As used herein and in the appended claims, the singular forms “a,” “an,” and “the” include plural reference unless the context clearly dictates otherwise. Thus, for example, a reference to “a host cell” includes a plurality (for example, a culture or population) of such host cells, and so forth. Under no circumstances may the patent be interpreted to be limited to the specific examples or embodiments or methods specifically disclosed herein. Under no circumstances may the patent be interpreted to be limited by any statement made by any Examiner or any other official or employee of the Patent and Trademark Office unless such statement is specifically and without qualification or reservation expressly adopted in a responsive writing by Applicants.

The terms and expressions that have been employed are used as terms of description and not of limitation, and there is no intent in the use of such terms and expressions to exclude any equivalent of the features shown and described or portions thereof, but it is recognized that various modifications are possible within the scope of the present invention.

The following terms shall be used to describe the present invention. In instances where a term is not defined specifically, that term shall be accorded the ordinary meaning ascribed to the term by those of ordinary skill in the art when used within context.

The specific methods and compositions described herein are representative of preferred embodiments and are exemplary and not intended as limitations on the scope of the invention. Other objects, aspects, and embodiments will occur to those skilled in the art upon consideration of this specification, and are encompassed within the spirit of the invention as defined by the scope of the claims. It will be readily apparent to one skilled in the art that varying substitutions and modifications may be made to the invention disclosed herein without departing from the scope and spirit of the invention. The invention illustratively described herein suitably may be practiced in the absence of any element or elements, or limitation or limitations, which is not specifically disclosed herein as essential.

The term “patient or subject” refers to a human or domesticated animal, on whom the method of diagnosing an infection of the lungs is performed.

The term “natural abundance” refers to the amount of an isotope, for example, 13C, 14C, 17O, 18O, and 15N, as naturally found on earth. Isotopes present in the isotopically labeled compounds of the invention are understood to have been incorporated using synthetic techniques known in the art. For example, the natural abundance of 13C is about 1.1%. 14C exists in nature in only trace amounts. The natural abundance of 18O is about 0.2%. The natural abundance of 17O is about 0.04%. The natural abundance of 15N is about 0.36%.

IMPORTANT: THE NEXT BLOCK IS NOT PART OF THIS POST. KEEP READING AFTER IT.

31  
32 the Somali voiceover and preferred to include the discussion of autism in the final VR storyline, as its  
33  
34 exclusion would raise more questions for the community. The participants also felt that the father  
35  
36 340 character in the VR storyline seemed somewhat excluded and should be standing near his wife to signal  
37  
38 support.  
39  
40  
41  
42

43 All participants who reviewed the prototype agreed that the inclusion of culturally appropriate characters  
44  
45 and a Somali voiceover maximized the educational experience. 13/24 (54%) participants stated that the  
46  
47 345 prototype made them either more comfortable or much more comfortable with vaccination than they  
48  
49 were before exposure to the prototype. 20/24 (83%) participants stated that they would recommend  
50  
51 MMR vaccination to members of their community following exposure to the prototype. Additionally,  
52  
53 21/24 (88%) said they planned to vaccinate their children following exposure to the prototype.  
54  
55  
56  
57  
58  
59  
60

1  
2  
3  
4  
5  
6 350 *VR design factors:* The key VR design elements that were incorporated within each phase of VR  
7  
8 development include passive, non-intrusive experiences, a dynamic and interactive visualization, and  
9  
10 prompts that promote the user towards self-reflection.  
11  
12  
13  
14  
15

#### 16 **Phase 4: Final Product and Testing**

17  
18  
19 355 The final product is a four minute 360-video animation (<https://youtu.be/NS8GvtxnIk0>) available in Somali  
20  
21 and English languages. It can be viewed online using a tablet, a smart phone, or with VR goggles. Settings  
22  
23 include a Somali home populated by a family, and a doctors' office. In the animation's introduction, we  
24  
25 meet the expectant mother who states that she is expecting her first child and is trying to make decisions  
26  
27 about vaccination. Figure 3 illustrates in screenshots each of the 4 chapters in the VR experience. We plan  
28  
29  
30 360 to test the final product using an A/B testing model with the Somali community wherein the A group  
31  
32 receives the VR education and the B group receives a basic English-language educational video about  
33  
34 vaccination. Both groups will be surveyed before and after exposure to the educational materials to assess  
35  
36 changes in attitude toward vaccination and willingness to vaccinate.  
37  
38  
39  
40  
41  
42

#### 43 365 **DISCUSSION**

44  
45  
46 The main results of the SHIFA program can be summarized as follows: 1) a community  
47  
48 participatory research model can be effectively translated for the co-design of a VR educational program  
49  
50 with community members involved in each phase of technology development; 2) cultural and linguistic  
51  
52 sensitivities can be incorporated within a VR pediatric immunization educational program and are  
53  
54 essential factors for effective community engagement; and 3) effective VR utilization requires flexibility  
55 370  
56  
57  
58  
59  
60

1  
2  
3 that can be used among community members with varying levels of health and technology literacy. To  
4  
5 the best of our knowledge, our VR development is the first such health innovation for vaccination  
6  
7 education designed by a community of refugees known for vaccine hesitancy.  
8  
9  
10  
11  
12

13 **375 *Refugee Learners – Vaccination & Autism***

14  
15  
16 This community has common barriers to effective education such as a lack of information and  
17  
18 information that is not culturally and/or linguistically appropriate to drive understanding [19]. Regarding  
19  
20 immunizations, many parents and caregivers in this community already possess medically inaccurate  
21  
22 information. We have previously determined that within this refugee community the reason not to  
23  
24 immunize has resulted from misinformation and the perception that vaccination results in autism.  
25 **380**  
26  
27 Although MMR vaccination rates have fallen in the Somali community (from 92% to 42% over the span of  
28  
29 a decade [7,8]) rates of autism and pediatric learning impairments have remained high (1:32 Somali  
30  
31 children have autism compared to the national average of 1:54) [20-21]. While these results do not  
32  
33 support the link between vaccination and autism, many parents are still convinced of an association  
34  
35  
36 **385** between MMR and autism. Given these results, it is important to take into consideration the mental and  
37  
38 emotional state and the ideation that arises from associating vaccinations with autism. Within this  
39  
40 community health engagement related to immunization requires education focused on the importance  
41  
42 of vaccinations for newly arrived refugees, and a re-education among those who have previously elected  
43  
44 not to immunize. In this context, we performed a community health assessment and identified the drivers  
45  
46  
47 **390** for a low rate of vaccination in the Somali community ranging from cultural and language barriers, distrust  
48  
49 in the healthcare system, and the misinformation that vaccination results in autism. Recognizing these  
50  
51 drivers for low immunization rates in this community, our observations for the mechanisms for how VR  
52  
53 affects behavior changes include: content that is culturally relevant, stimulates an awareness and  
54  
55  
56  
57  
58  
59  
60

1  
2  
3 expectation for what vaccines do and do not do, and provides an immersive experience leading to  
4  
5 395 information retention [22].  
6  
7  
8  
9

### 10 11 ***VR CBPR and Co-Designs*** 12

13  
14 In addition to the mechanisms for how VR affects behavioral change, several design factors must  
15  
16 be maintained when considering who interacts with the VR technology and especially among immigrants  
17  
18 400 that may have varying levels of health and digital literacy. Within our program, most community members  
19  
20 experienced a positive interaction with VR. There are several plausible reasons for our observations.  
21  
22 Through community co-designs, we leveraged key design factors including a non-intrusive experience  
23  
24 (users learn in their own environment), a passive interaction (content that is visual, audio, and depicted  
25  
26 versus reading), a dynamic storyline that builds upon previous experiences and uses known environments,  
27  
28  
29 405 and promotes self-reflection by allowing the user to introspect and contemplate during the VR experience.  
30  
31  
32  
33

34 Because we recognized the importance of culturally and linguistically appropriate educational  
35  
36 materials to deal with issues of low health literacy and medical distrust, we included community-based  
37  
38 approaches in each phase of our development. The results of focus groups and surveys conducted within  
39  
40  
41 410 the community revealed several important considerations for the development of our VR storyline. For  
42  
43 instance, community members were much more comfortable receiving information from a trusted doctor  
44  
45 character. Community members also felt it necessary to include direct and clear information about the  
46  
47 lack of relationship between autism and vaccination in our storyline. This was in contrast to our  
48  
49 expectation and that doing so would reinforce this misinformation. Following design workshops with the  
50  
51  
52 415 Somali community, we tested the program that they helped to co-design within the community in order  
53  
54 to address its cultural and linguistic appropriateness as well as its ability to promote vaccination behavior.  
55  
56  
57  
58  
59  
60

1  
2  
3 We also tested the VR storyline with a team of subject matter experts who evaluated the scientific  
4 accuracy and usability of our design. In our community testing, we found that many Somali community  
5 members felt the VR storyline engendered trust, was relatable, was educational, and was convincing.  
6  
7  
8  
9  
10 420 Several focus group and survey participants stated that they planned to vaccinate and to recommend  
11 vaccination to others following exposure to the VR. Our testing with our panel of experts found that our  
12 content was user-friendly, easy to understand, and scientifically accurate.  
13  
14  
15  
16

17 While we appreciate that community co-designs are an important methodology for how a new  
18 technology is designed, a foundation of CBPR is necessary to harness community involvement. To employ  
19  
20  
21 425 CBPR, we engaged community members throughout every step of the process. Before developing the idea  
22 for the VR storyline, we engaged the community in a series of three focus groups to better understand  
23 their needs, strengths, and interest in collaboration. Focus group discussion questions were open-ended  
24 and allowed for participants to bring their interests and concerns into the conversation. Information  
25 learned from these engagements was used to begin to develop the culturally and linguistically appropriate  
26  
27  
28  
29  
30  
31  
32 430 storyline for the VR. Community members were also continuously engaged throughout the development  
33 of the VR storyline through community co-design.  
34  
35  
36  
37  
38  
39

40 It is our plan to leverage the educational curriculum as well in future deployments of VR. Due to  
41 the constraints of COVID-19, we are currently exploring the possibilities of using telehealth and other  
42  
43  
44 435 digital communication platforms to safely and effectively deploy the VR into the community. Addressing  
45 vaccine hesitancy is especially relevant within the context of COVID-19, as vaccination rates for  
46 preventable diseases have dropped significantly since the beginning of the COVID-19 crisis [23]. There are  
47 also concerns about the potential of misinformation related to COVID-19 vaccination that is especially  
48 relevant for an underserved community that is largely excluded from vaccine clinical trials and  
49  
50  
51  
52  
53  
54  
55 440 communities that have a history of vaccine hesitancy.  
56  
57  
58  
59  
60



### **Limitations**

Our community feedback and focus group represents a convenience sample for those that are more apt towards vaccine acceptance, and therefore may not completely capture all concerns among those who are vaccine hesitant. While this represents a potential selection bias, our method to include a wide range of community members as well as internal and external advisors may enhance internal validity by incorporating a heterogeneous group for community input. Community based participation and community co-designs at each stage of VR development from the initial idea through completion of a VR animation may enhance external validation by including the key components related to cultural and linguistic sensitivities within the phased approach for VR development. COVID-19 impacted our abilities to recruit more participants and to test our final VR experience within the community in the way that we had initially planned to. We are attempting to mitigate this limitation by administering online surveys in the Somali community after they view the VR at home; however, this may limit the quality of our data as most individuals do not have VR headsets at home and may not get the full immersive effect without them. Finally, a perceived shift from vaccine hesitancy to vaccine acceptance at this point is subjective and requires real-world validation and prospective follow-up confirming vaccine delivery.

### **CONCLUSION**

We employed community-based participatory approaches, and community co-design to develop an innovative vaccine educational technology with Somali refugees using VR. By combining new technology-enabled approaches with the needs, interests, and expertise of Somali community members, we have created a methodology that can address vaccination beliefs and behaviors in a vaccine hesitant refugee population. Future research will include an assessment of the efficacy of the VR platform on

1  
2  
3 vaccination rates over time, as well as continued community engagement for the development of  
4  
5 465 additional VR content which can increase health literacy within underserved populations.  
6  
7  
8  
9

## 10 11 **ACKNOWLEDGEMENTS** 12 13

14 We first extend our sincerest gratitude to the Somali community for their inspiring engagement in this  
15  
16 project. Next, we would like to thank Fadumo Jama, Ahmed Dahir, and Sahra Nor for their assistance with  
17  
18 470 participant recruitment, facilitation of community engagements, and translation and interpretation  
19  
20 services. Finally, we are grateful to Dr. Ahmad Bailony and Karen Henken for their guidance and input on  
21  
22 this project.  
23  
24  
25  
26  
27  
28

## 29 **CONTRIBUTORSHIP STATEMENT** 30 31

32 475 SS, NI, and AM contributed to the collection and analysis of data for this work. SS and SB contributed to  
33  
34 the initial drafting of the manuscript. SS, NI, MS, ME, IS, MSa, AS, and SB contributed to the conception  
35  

As used herein, “unit dosage” refers to a pre-determined amount of a pharmaceutical composition or compound of the invention.

The term “pneumonic tularemia” is used to describe a particular disease state or condition caused by the infectious agent Francisella tularensis, which is a small, rod-shaped nonmotile bacteria. F. tularensis has been found in over 100 species of mammals, birds, amphibians, arthropods, and even fish, and the disease occurs throughout North American and Eurasia. It is most prevalent in the western and south-central parts of the country. Typically, a few hundred cases of tularemia are reported in the U.S. every year. Although relatively rare in nature, pneumonic tularemia is feared to be a disease caused by bioweaponized F. tularensis.

The main vectors of F. tularensis are small mammals such as mice, moles, squirrels, rabbits and hares. Small mammal vectors usually acquire the organism through the bite of an infected tick or other arthropod or by contact with contaminants in the environment, noting that the microbe can survive for a number of weeks outside of a living host. In humans, infection is usually caused by bites from Dermacentor or Amblyomma ticks in summer and from contact with rabbit carcasses in winter, but other modes of transmission occur, especially contact with contaminated water, air or soil.

There are several different types of tularemia, which vary in presentation and severity depending on the method of acquisition and the dose and virulence of the specific infecting organisms. Typically, tularemia is divided into six forms: ulceroglandular, oculoglandular, glandular, oropharyngeal, typhoidal and pneumonic. Of these, typhoidal tularemia is the most serious form.

Pneumonic tularemia commonly develops by inhalation of F. tularensis, but can occur as a consequence of ulceroglandular tularemia from a bite by a tick or from abrasion, as a secondary disease state. Pneumonic tularemia may also develop as a consequence of typhoid tularemia (septicemia tularemia), also as a secondary disease state.

Because F. tularensis can exist in aerosolized form and as few as 10-50 organisms are required to establish infection and cause disease, there is increasing concern that tularemia could be used as a bioweapon.

Symptoms of tularemia usually develop within three or four days of infection, although in some cases it can take up to 10 days for the disease to manifest. The organism is intracellular and spreads via the lymphatic system, multiplying within macrophages. Pneumonic tularemia is characterized by fever, exhaustion and weight loss accompanied by lung infection. Typically, the patient experiences a dry cough, respiratory difficulty and chest pain. Meningitis is an uncommon but potentially serious complication of tularemia.